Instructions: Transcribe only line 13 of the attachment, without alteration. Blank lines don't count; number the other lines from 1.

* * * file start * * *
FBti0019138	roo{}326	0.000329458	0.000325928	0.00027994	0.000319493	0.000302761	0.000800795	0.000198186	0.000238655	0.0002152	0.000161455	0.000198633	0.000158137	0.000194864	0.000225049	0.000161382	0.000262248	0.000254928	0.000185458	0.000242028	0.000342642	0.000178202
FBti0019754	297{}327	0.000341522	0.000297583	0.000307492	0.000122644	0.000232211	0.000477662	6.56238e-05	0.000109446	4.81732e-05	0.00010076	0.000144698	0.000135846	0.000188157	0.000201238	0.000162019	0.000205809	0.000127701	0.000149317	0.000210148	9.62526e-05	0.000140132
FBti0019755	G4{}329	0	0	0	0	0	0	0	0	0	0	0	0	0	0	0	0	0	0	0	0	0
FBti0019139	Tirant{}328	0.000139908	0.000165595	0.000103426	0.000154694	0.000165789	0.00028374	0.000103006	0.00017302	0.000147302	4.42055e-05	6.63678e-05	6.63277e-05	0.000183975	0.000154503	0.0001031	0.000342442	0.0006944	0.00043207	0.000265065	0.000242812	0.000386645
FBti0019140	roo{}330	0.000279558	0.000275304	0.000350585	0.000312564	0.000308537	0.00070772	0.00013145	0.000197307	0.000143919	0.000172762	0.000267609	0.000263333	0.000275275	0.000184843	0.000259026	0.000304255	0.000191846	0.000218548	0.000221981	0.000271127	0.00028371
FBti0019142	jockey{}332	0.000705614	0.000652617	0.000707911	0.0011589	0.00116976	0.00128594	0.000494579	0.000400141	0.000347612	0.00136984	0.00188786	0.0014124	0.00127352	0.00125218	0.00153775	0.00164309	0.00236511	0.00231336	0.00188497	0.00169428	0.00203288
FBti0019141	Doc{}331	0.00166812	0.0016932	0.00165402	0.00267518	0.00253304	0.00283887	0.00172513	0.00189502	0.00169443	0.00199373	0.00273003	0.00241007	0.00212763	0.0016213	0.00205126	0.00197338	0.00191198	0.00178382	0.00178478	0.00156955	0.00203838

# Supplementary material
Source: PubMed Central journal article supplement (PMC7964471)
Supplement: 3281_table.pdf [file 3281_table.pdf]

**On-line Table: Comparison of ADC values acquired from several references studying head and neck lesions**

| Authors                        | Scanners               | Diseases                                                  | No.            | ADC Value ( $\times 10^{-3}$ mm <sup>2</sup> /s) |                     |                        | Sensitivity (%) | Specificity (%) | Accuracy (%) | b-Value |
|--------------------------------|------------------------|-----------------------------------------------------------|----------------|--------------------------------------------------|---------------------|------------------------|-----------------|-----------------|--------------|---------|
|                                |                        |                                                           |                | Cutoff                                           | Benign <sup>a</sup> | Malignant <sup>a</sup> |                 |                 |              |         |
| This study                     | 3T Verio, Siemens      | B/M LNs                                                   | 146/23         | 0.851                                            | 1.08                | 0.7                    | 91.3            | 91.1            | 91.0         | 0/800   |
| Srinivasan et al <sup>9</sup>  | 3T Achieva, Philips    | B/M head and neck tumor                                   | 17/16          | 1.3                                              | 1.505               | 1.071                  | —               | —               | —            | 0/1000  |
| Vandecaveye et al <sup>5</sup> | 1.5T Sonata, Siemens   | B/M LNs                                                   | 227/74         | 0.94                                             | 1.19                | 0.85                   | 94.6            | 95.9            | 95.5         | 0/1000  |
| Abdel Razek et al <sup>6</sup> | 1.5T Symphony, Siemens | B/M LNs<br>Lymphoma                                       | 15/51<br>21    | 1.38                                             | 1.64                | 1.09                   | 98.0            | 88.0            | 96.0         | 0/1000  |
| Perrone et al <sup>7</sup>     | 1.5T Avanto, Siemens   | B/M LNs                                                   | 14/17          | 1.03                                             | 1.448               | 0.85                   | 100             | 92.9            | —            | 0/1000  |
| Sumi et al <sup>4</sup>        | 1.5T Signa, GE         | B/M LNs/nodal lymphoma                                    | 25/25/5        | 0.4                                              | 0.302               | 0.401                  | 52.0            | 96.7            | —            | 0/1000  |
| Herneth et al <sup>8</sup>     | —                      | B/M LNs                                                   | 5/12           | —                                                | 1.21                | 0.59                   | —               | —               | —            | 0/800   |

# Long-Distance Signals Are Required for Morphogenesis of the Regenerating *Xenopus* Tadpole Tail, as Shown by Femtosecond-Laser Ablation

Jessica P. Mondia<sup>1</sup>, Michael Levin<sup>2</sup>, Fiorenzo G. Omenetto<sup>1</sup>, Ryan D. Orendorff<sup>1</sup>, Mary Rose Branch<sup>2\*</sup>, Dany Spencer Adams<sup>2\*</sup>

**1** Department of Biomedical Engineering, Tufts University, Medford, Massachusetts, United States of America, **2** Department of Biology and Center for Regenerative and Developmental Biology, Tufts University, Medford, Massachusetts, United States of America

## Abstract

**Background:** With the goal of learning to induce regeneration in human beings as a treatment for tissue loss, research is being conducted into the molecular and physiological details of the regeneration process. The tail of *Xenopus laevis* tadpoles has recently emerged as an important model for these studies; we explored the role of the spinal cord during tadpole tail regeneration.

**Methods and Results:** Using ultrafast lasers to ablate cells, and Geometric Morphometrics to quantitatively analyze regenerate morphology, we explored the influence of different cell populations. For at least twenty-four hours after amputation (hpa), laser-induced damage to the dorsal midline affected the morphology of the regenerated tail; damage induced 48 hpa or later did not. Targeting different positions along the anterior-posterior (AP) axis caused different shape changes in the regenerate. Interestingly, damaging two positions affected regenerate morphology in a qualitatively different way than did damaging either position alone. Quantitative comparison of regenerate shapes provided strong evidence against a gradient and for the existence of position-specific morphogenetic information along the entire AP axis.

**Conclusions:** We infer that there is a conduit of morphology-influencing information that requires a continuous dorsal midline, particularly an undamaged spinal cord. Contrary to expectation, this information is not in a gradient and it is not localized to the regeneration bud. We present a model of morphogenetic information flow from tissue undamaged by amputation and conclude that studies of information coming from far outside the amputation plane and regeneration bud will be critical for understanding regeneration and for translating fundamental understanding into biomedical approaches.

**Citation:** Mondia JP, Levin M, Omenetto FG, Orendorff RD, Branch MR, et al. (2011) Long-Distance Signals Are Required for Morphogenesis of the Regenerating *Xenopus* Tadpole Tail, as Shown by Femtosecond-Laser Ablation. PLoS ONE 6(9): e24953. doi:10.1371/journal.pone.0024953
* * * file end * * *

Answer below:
|--------------------------------|------------------------|-----------------------------------------------------------|----------------|--------------------------------------------------|---------------------|------------------------|-----------------|-----------------|--------------|---------|